If there is a cumulative lesson from the past few years, it’s that the era of “polycrises” is firmly upon us. A polycrisis is defined as the net effect from the non-linear interaction of many systemic risks spanning several natural and human-designed systems. One is playing out right in front of our eyes, whereby the economic effects of Covid-19 have amplified – and in turn, have been amplified by – those flowing from Vladimir Putin’s naked aggression, seriously rattling global commodities markets. Coupled with the worsening effects of climate change, the two shocks, cutting across systems, could lead to a dramatic upsurge in global hunger, United Nations agencies warned last month. That, in turn, could potentially trigger serious social unrest across the world, analysts fear.
The salient point here is that public health experts have long warned of the growing risk of pandemics, international affairs analysts about Putin’s geostrategic ambitions, and climate experts about the worrying links between climate change and food insecurity. None of the events that have so far transpired individually should therefore come as a total surprise. What has been surprising is the inability of experts to see how all of the above could interact in the future to produce the effects we are witnessing.
The present polycrisis makes it an imperative for governments to focus on scenarios that could play out in the near and not-so-near future, arising out of the interacting effects of current trends and how and if those trends are likely to hold in the future. Such exercises are aids not only to governmental and non-governmental planning but could also help shape inter-governmental cooperation agendas, the latter especially so given that polycrises often tend to have transnational impact and system-wide spill-over effects.
Transparency from the Quad futures group, in conjunction with actively soliciting inputs from non-Quad countries, will reassure the Indo-Pacific region at large that its activities contribute to broader regional public good.
This is where the Quad – with its committed goal of providing public goods in the Indo-Pacific – is a natural hub for long-term futures exploration. The region stands to be particularly affected by interacting stresses and wildcards because of its emergence as the global economic and technological centre of gravity, economic, social, and political diversity, not to mention vulnerability to climate change and geopolitical pressures. Witness, as an example, the ongoing crisis in Sri Lanka where corruption, poor governance and fiscal imprudence coupled with external shocks from the pandemic as well as the war in Ukraine have led to economic implosion with potentially serious ramifications for regional security.
A joint working group dedicated towards exploring possible futures can also inform the many Quad lines of effort announced since last year, from emerging tech, cyber, and space to global health, climate, and maritime domain awareness. To be clear, the goal would not be prediction of the future but critical and rigorous projection of the past and present. As experts claim, this is best done through a combination of quantitative and qualitative methods.
While it is true that governments routinely carry out classified exercises around how the future could play out – and in the case of the United States, the National Intelligence Council (NIC) periodically releases public Global Trends reports – a multilateral futures analysis will be more representative of regional perceptions of future transnational challenges.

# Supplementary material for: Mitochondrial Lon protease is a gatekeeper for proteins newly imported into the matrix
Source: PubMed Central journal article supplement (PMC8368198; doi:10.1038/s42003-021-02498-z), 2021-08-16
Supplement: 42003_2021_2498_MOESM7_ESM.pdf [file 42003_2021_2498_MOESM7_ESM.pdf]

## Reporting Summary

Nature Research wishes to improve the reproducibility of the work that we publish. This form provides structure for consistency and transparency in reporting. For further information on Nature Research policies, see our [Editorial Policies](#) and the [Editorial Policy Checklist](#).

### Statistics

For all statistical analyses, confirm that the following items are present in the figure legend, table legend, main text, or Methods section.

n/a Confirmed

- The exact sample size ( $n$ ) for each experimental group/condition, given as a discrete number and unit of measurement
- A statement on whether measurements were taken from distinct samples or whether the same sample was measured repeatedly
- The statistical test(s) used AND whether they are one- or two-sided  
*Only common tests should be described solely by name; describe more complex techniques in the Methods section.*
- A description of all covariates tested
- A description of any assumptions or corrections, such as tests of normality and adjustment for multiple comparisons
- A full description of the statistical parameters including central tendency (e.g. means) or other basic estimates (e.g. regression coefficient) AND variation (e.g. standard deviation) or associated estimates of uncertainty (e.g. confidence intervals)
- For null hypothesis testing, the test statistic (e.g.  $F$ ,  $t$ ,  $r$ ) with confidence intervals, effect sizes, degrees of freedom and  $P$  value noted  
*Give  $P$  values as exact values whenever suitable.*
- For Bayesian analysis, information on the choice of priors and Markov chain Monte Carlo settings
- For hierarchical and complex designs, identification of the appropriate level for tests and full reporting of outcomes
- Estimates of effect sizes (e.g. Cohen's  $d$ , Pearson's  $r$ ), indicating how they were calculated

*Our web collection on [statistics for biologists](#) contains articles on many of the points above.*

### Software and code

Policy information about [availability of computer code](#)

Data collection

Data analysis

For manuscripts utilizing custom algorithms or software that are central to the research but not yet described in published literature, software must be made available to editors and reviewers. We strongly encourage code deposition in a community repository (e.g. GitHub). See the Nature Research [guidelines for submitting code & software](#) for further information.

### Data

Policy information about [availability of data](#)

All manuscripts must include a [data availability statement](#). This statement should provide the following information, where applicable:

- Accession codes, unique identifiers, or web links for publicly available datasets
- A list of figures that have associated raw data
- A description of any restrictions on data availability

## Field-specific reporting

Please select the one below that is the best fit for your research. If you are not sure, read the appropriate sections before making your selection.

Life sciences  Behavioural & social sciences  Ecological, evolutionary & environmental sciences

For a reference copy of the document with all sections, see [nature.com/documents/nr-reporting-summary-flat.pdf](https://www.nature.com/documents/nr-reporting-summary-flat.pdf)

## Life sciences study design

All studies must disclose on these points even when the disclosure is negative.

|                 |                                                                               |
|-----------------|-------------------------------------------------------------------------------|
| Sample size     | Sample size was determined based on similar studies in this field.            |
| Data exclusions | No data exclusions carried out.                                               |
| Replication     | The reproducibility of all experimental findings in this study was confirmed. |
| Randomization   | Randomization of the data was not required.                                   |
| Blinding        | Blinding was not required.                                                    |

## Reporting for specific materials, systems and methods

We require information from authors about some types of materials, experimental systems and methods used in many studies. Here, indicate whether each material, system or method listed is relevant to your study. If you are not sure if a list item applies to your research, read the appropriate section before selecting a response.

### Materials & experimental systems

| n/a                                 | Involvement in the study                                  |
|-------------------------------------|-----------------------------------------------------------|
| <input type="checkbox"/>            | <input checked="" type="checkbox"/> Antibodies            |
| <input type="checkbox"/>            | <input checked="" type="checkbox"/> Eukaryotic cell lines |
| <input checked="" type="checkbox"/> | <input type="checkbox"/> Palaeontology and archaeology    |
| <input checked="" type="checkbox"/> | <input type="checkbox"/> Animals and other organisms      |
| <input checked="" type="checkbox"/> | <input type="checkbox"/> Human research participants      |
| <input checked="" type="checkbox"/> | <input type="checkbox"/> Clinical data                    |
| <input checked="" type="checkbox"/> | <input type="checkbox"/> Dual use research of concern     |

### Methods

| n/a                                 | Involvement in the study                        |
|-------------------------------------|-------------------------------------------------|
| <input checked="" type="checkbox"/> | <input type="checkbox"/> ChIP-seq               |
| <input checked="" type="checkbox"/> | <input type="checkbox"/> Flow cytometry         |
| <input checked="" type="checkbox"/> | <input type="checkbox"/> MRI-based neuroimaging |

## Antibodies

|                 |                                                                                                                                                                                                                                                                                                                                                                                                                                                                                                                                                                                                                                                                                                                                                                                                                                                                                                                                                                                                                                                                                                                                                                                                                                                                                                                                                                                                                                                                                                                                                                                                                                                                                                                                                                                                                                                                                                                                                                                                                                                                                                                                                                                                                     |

Ideally, a Quad futures working group is best comprised of senior officials across government departments, aided by a broader multidisciplinary specialist pool. However, if such a group was to have an explicit focus on security issues, it could consist of officials from Australia’s Office of National Intelligence, India’s National Security Council Secretariat, Japan’s National Security Secretariat, and the US NIC, aided by non-governmental security experts. Given that the four mentioned government institutions are mandated with taking a broad all-source, and often long-term, view of national security, drawing on them for a Quad security futures working group is a logical fit.
That said, such a group should take a leaf out of the American playbook and publicly release its findings. Transparency from the Quad futures group, in conjunction with actively soliciting inputs from non-Quad countries, will reassure the Indo-Pacific region at large that its activities contribute to broader regional public good. (As part of the research for the NIC Global Trends Report, for instance, US officials travel across the world and solicit input from major non-governmental organisations.)
If an official Quad futures group is seen as excessive, a “Track 2” approach could be a good starting point. After all, much of the ambitious recent intra-Quad cooperation agenda has been driven by non-governmental organisations.
In terms of the initial focal target of such a working group, exploring the humanitarian fallout of future polycrises involving climate change and extreme weather events is an obvious benefit and could even inform planning of joint military exercises, such as the Malabar. Another focus area could be the future intersection of tech and security trends, including how spatial computing technologies could aid in meeting challenges that may emerge from the aggregate effect of rapid urbanisation and climate risks in the Indo-Pacific.
It is regularly said that the Indo-Pacific (and not Europe, for example) is where battles will play out in the years ahead. If so, the time for a Quad futures initiative that looks at the contours of those battles to come has indeed arrived.